KU engineering school boosts state economy

July 24, 2010


Higher education institutions have been taking it on the chin lately.

The daily, behind-the-scenes work faculty, staff and administrators are doing at Kansas University and the associated benefits provided to this state have been drowned out. Because both of us serve on the KU School of Engineering Advisory Board, we’re in a unique position to see first hand the projects, plans and strategies this important segment of the university has under way and the benefits these efforts generate. Here are a few of the specific highlights.

Administrators in the School of Engineering have long recognized the need for more engineers in Kansas and that engineers serve as economic engines for our companies and communities. The school has worked diligently to grow enrollment in this rigorous field of study. Currently, KU’s engineering undergraduate enrollment is at a 22-year high, with significant growth coming in the last four years. These students are among the best in the nation. The average ACT math score of these students — many of them homegrown talent — is above 29, which places them above the 90th percentile nationwide.

The School of Engineering is also focused on the benefits of increasing the number of engineers. Such growth enables the state’s engineering-based industries and the state’s economic base to expand. A recent study commissioned by the Kansas Society of Professional Engineers tells us that for every additional engineer employed in Kansas, businesses will hire an average of 1.78 additional staff to support and facilitate their activities

The school has grown its research and graduate programs. These programs help develop solutions for the state’s infrastructure and industries while helping the best students further their education. Since 2002, research awards to engineering faculty have tripled, and enrollment of doctoral students has nearly tripled. The innovation taking place in KU labs is strongly tied to Kansas industry. Together, research and development teams develop novel products, techniques and new designs that generate new revenue.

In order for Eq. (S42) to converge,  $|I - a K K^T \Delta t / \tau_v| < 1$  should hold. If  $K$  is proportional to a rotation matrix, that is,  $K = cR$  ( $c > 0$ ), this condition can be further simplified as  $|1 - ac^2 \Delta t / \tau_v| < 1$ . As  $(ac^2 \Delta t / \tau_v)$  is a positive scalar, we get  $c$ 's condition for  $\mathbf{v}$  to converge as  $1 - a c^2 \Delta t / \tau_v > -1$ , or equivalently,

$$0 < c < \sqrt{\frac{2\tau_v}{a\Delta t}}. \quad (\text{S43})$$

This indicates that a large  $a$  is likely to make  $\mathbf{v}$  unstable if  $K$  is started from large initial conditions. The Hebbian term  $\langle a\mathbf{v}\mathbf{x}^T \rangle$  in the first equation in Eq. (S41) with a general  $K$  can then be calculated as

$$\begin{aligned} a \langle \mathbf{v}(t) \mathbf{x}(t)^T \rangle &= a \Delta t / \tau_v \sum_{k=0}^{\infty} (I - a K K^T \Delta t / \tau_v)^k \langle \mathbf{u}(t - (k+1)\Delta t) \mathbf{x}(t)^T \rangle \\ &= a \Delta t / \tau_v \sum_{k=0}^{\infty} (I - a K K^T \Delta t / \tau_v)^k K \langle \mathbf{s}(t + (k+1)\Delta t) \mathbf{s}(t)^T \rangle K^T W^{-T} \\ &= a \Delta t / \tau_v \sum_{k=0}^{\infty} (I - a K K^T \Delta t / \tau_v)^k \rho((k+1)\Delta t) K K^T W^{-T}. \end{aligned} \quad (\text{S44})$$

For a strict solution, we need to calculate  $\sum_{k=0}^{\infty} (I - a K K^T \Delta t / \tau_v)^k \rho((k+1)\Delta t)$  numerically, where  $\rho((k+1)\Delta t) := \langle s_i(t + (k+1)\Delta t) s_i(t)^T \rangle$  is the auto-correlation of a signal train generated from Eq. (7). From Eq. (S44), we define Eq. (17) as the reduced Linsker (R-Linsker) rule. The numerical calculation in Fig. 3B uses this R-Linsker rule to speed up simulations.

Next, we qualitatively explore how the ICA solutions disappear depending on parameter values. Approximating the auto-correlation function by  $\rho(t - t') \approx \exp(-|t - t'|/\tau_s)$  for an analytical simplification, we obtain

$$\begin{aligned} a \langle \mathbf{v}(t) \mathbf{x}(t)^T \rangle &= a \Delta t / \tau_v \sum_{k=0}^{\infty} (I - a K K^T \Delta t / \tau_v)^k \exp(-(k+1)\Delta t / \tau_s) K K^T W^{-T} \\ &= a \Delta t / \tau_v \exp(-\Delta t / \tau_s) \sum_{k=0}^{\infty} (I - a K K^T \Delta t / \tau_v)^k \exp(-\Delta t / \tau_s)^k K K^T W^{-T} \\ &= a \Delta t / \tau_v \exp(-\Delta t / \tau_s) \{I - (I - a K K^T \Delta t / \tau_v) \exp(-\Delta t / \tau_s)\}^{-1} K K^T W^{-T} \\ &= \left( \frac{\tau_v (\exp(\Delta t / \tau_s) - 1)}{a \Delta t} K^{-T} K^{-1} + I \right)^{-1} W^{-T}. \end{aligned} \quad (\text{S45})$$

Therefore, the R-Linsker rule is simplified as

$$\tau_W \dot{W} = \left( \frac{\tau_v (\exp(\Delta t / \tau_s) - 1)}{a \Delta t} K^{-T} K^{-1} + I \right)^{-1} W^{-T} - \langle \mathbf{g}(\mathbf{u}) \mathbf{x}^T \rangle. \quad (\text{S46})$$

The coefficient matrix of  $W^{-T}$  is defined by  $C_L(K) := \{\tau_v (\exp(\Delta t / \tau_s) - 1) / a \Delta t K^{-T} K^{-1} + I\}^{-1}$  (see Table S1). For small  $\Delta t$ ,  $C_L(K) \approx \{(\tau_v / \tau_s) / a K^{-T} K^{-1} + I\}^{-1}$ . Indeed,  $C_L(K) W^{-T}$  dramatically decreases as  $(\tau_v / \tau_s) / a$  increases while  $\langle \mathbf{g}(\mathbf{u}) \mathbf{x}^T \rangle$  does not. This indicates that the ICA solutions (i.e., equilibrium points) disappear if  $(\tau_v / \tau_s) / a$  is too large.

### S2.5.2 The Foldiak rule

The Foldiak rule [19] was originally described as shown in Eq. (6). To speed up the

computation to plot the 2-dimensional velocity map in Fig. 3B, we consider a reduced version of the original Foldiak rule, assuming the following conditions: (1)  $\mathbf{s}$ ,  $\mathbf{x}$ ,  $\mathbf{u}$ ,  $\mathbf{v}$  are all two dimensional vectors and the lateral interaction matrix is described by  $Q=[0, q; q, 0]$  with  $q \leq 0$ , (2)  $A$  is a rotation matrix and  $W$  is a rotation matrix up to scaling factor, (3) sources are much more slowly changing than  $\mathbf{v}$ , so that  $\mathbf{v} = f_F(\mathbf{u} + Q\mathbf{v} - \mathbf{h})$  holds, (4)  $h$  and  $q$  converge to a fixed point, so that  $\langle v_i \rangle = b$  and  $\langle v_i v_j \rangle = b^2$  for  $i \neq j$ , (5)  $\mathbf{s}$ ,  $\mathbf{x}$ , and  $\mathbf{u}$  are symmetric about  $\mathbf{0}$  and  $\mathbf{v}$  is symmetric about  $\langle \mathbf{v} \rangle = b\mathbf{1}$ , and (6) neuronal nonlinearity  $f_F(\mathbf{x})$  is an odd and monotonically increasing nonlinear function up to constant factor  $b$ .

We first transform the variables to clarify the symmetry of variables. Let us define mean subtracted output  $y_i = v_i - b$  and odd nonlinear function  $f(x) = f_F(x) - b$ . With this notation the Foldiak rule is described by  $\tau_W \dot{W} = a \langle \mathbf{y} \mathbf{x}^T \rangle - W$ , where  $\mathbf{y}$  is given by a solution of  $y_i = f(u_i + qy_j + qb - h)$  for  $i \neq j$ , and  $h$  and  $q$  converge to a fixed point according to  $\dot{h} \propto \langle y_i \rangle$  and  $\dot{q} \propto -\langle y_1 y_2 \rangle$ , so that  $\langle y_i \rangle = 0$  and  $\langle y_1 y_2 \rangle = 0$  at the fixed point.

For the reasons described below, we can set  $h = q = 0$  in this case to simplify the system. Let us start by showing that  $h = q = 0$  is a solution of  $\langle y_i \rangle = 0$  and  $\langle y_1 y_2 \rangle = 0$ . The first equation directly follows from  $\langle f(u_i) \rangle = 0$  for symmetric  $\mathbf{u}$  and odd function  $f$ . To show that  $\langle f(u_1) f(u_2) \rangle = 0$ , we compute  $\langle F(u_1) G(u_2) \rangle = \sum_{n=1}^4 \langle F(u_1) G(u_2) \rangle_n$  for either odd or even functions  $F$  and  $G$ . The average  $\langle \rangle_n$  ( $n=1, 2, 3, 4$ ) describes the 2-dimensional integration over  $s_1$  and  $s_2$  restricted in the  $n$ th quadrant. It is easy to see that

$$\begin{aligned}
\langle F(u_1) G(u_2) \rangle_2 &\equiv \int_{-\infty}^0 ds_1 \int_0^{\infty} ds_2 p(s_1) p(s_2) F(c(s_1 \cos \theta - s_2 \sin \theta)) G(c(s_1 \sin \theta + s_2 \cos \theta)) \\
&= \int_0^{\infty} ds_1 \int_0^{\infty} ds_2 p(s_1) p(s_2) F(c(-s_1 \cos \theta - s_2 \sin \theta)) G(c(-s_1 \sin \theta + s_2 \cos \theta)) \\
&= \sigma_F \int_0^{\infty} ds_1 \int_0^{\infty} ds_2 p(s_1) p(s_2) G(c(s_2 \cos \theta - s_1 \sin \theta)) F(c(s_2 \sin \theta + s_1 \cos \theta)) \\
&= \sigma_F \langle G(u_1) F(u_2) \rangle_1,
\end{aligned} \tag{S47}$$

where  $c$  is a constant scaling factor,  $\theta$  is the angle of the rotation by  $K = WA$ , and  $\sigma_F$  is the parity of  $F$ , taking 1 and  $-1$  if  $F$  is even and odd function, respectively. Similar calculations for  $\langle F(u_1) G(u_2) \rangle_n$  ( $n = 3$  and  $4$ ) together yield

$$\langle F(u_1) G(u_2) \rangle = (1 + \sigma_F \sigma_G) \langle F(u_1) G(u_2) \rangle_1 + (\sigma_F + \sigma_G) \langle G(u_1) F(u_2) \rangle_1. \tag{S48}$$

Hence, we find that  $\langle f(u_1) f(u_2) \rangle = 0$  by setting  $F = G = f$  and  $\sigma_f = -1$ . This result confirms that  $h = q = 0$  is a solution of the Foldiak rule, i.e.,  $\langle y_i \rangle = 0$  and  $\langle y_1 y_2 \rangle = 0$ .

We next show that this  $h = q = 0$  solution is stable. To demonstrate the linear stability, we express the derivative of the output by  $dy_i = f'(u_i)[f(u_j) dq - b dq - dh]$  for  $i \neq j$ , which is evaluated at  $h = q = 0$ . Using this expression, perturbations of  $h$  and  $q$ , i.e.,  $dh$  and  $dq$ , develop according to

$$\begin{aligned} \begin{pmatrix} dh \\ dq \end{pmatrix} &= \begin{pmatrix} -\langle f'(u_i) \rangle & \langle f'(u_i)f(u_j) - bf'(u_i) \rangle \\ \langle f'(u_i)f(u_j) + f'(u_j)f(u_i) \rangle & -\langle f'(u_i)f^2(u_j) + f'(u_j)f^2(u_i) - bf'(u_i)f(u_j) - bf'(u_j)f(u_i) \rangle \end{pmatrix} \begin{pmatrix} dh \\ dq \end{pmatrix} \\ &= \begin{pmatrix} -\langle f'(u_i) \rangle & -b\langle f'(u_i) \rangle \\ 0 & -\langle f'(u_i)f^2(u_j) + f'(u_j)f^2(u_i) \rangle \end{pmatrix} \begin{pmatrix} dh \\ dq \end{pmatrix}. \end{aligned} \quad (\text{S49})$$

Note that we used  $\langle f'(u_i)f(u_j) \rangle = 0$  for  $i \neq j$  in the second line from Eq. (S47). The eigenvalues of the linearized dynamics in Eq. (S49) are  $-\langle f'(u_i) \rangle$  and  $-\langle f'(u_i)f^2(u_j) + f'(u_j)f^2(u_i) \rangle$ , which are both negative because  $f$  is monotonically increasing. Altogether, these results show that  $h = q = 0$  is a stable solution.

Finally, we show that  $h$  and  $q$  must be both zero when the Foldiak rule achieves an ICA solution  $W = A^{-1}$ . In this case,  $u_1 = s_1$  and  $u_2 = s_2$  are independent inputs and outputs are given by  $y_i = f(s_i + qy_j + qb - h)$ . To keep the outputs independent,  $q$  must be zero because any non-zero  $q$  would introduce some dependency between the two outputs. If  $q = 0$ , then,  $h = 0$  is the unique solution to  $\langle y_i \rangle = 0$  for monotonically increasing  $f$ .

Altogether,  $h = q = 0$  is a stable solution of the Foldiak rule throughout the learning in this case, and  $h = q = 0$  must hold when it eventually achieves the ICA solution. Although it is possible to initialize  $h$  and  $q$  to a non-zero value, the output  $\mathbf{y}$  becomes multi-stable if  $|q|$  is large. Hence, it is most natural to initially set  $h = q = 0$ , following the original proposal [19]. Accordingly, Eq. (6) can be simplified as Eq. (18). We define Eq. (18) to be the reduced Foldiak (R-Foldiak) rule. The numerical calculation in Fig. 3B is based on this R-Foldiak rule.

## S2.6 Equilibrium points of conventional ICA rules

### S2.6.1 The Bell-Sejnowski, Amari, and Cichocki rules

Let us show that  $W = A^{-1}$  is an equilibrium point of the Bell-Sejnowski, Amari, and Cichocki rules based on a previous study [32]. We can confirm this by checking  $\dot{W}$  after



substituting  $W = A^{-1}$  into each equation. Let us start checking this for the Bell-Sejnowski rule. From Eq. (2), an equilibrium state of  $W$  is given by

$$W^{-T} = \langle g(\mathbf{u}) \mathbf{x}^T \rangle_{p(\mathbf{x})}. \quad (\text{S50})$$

The school has an entrepreneurial mindset, operating much like a business, as it seeks partners to support and strengthen its research endeavors. For example, in January it was announced that KU was among a handful of institutions selected to receive more than $12 million in federal stimulus funds to support construction of a new research facility focused on materials, measurement and green and sustainable technologies.

Despite economic challenges felt elsewhere, there are jobs for our engineering graduates. KU is making sure its engineering students are prepared to become effective, valued employees. The petroleum and chemical engineers graduating today have opportunities to contribute in the state’s oil and gas industry or in several of the bioscience firms in Kansas. Aerospace and mechanical engineers are needed to fill positions in Wichita’s all-important aircraft industry. Civil engineers are needed in every county in Kansas and help fuel economic growth in Kansas City’s influential engineering and consulting firms. Electrical and computer engineers and computer science graduates are needed everywhere to energize the state’s important IT and telecommunications sectors.

Many people don’t realize the importance these industries have on the state’s economic health. The 2008 Kansas Statistical Abstract, prepared by KU’s Institute for Policy & Social Research, revealed that engineering-intensive machines and equipment and agriculture dominate the state’s top 25 exports. Of the more than $8 billion export value of those commodities, engineering-intensive commodities — led by aircraft — accounted for more than two-thirds of the revenue.

As members of the advisory board, we are proud of the accomplishments, plans and vision of KU’s engineering school. We believe the school is focused on the right priorities, is well managed and is positioned to provide quality education for Kansas engineers while responding to the needs of the state of Kansas.

Harry Gibson is a retired executive with Exxon Corp. Bill Benso is a retired executive with Lockheed Martin Corp.


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